“Bear are made of the same dust as we, breath the same winds, and drink of the same waters…” John Muir
I am an admitted ursophile (and I am not ashamed, Stephen Colbert!). As a young girl, I would gaze at wildlife encyclopedias with longing, and always dreamed of seeing grizzlies, black bears, polar bears, et al.
Bears frolic in large numbers over Yellowstone’s landscape, and my dreams have been realized—ten times over! I am in awe of being in such close proximity to these wondrous creatures, and it’s a rare week when I don’t see a bear.
Grizzly and black bears roam in Yellowstone—yet I’m not adept at quickly telling the difference between the two species. This beautiful young bear I saw munching on grass outside of Mammoth Hot Springs has large pointed ears, a flat nose in profile, and no distinct hump (yet the ruffled fur made it hard to tell)—all of which indicate a black bear. But as even the experts sometimes have a difficult time distinguishing between ursus americanus and ursus arctos horribilis, I would not rely on my judgment. Any bear experts out there—please advise if I chose wrongly.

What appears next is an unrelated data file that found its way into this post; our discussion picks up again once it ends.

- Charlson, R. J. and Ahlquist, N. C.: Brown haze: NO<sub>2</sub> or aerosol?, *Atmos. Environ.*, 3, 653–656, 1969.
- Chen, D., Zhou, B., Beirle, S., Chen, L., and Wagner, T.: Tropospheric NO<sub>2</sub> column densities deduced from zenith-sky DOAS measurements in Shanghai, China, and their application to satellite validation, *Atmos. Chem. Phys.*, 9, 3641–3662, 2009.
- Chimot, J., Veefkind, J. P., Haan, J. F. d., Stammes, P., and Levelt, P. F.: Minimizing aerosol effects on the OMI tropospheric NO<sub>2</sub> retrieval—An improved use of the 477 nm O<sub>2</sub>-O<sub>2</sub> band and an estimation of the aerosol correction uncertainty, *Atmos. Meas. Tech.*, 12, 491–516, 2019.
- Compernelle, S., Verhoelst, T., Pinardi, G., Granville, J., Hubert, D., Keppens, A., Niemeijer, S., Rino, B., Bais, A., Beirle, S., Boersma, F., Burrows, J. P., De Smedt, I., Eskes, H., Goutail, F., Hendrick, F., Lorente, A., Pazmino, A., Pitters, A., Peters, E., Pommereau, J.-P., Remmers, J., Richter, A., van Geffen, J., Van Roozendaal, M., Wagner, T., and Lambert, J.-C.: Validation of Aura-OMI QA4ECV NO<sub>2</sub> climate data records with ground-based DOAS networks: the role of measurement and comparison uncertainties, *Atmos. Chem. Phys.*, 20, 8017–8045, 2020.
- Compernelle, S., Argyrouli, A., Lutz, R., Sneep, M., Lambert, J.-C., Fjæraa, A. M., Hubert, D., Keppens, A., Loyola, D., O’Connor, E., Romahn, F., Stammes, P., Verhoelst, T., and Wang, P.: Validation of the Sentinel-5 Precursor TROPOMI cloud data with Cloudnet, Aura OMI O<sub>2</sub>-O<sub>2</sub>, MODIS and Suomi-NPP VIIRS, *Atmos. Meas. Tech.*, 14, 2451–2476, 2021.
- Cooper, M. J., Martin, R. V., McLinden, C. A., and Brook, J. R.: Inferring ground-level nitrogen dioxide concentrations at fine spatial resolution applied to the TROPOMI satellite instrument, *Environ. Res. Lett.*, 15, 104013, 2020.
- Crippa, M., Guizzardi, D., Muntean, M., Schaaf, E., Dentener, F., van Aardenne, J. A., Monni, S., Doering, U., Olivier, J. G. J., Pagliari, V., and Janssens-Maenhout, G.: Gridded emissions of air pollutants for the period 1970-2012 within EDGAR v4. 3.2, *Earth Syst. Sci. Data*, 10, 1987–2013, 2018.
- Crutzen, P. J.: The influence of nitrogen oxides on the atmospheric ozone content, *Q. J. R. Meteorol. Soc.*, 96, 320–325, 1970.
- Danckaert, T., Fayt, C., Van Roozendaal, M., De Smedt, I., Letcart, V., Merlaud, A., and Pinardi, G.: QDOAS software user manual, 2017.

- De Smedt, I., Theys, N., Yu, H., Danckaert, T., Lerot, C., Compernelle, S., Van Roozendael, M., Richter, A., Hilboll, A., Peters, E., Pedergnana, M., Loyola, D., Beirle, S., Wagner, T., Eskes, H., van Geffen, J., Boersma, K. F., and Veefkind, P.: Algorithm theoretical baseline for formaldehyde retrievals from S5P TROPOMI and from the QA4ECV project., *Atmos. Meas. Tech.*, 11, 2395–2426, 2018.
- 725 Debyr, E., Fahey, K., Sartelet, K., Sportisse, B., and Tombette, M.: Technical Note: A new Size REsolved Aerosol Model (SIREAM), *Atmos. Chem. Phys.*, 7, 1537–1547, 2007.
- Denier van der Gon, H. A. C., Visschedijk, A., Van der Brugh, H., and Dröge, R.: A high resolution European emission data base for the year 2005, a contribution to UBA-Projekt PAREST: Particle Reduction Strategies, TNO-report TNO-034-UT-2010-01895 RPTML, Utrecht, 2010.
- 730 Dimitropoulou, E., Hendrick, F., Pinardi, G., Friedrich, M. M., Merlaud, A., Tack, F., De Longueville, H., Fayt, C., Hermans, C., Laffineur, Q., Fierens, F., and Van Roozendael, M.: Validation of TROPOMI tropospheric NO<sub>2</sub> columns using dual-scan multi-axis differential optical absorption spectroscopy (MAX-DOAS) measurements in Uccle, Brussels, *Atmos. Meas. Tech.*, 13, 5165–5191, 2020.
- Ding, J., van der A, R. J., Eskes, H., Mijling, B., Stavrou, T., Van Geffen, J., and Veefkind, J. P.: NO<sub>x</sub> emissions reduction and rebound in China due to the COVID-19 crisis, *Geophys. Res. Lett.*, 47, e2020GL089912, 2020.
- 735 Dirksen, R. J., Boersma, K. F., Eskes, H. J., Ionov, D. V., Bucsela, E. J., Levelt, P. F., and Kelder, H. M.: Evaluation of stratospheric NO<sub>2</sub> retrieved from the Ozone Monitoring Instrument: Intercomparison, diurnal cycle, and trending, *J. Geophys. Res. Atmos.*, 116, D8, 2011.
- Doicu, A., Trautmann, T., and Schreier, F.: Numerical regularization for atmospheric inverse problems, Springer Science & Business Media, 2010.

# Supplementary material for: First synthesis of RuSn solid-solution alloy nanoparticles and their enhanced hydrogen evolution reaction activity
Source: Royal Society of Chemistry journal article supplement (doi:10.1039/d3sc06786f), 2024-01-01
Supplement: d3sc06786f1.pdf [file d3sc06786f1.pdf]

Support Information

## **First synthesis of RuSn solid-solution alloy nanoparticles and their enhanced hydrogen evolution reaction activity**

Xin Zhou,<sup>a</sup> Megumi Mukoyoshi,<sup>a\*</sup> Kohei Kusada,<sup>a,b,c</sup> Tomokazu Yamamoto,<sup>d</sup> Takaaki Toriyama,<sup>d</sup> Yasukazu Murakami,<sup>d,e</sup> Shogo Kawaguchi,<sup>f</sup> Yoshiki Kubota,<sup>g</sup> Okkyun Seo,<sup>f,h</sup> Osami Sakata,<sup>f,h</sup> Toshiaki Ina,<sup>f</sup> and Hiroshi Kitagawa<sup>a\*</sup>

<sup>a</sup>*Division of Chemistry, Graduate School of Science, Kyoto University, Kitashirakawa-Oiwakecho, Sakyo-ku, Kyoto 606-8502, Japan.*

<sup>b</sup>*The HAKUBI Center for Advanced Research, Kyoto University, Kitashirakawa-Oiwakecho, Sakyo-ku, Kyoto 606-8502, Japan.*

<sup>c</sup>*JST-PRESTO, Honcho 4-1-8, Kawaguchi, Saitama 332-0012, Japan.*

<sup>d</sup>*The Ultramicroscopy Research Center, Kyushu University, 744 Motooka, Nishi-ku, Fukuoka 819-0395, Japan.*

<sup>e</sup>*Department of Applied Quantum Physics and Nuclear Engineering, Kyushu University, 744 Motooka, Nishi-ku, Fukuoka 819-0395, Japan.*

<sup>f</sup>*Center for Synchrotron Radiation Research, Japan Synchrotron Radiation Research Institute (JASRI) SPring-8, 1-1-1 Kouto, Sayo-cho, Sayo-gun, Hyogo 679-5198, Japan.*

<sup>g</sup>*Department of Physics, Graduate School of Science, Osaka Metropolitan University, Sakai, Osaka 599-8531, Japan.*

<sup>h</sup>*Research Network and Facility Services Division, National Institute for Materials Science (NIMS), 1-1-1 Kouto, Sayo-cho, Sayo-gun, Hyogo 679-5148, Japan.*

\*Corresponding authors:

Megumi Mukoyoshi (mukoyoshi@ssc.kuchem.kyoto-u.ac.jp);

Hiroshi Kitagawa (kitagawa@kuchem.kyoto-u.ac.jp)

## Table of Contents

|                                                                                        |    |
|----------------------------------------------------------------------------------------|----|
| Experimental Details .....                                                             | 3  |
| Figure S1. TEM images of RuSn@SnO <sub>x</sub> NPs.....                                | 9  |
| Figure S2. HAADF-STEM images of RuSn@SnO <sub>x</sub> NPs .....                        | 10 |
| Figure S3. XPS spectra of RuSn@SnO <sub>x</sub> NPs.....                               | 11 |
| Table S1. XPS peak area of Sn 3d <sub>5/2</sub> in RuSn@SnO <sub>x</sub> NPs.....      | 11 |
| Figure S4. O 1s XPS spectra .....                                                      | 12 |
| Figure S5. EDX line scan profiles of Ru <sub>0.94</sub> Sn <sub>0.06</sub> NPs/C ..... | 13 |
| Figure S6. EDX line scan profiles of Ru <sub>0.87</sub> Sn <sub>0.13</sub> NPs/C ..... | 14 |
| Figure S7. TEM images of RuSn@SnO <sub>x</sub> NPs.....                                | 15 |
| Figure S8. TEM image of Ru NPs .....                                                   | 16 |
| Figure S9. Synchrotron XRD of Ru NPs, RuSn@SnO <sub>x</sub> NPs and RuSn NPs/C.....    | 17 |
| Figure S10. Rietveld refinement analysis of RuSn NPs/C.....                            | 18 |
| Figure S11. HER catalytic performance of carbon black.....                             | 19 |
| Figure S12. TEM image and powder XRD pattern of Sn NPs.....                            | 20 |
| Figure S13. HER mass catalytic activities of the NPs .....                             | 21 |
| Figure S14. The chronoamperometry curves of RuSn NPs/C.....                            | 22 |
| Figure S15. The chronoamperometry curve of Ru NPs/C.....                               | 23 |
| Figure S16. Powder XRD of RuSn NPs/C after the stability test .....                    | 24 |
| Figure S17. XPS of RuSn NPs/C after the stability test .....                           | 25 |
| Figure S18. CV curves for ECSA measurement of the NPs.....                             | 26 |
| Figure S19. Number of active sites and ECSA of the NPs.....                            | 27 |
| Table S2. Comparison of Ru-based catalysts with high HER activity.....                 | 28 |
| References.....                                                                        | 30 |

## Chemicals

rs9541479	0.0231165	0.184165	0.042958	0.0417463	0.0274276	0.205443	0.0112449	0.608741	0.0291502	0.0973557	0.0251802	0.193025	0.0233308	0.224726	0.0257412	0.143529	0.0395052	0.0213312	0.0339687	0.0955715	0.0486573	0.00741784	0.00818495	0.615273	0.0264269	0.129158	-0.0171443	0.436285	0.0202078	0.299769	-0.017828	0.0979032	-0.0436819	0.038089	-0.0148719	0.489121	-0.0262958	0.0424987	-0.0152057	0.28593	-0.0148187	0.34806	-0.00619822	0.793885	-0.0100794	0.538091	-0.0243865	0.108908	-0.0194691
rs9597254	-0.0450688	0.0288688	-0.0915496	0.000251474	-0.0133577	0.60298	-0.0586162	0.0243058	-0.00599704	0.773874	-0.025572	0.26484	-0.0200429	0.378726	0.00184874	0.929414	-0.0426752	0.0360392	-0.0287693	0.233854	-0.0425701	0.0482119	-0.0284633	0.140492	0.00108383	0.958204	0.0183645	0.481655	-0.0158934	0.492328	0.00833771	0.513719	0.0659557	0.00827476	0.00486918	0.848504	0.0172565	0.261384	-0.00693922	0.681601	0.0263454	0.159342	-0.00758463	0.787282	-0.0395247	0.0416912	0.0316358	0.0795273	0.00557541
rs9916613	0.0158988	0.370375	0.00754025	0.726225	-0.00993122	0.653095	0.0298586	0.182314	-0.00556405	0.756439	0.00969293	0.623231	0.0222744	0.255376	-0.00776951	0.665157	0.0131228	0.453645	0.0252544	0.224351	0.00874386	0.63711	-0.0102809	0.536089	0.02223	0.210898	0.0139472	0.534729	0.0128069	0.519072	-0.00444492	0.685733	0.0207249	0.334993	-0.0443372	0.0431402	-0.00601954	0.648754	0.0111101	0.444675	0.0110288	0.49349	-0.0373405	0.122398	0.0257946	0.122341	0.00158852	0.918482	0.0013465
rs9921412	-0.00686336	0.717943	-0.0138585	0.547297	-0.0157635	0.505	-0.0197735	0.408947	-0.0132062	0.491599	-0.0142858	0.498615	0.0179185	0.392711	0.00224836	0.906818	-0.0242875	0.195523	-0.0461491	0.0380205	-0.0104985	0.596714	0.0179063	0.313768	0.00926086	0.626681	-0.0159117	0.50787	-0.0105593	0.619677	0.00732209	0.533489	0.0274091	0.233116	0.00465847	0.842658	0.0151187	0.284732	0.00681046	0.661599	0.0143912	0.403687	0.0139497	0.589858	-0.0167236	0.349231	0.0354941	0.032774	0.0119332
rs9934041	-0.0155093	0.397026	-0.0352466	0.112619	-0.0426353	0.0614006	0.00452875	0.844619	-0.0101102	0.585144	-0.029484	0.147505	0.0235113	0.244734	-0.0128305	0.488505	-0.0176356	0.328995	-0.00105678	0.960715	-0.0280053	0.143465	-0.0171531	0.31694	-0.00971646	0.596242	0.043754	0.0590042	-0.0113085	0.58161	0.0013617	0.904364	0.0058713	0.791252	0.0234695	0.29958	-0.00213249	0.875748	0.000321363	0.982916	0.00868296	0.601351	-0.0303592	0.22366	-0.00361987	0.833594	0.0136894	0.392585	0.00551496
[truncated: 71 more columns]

Both bear species can live up to 30 years. About 150 grizzlies live in the park, as compared with 500 black bears. An adult grizzly, despite their bulky size (males weigh up to 700 lbs) might be seen running at a speed of 40 mph. Bears have a very diverse diet ranging from insects, to grasses, to trout. Both black bear and grizzlies also hunt and have been know to take down elk calves. When my parents visited in May, they had to evacuate a trail at Old Faithful as a grizzly had just killed a bison calf.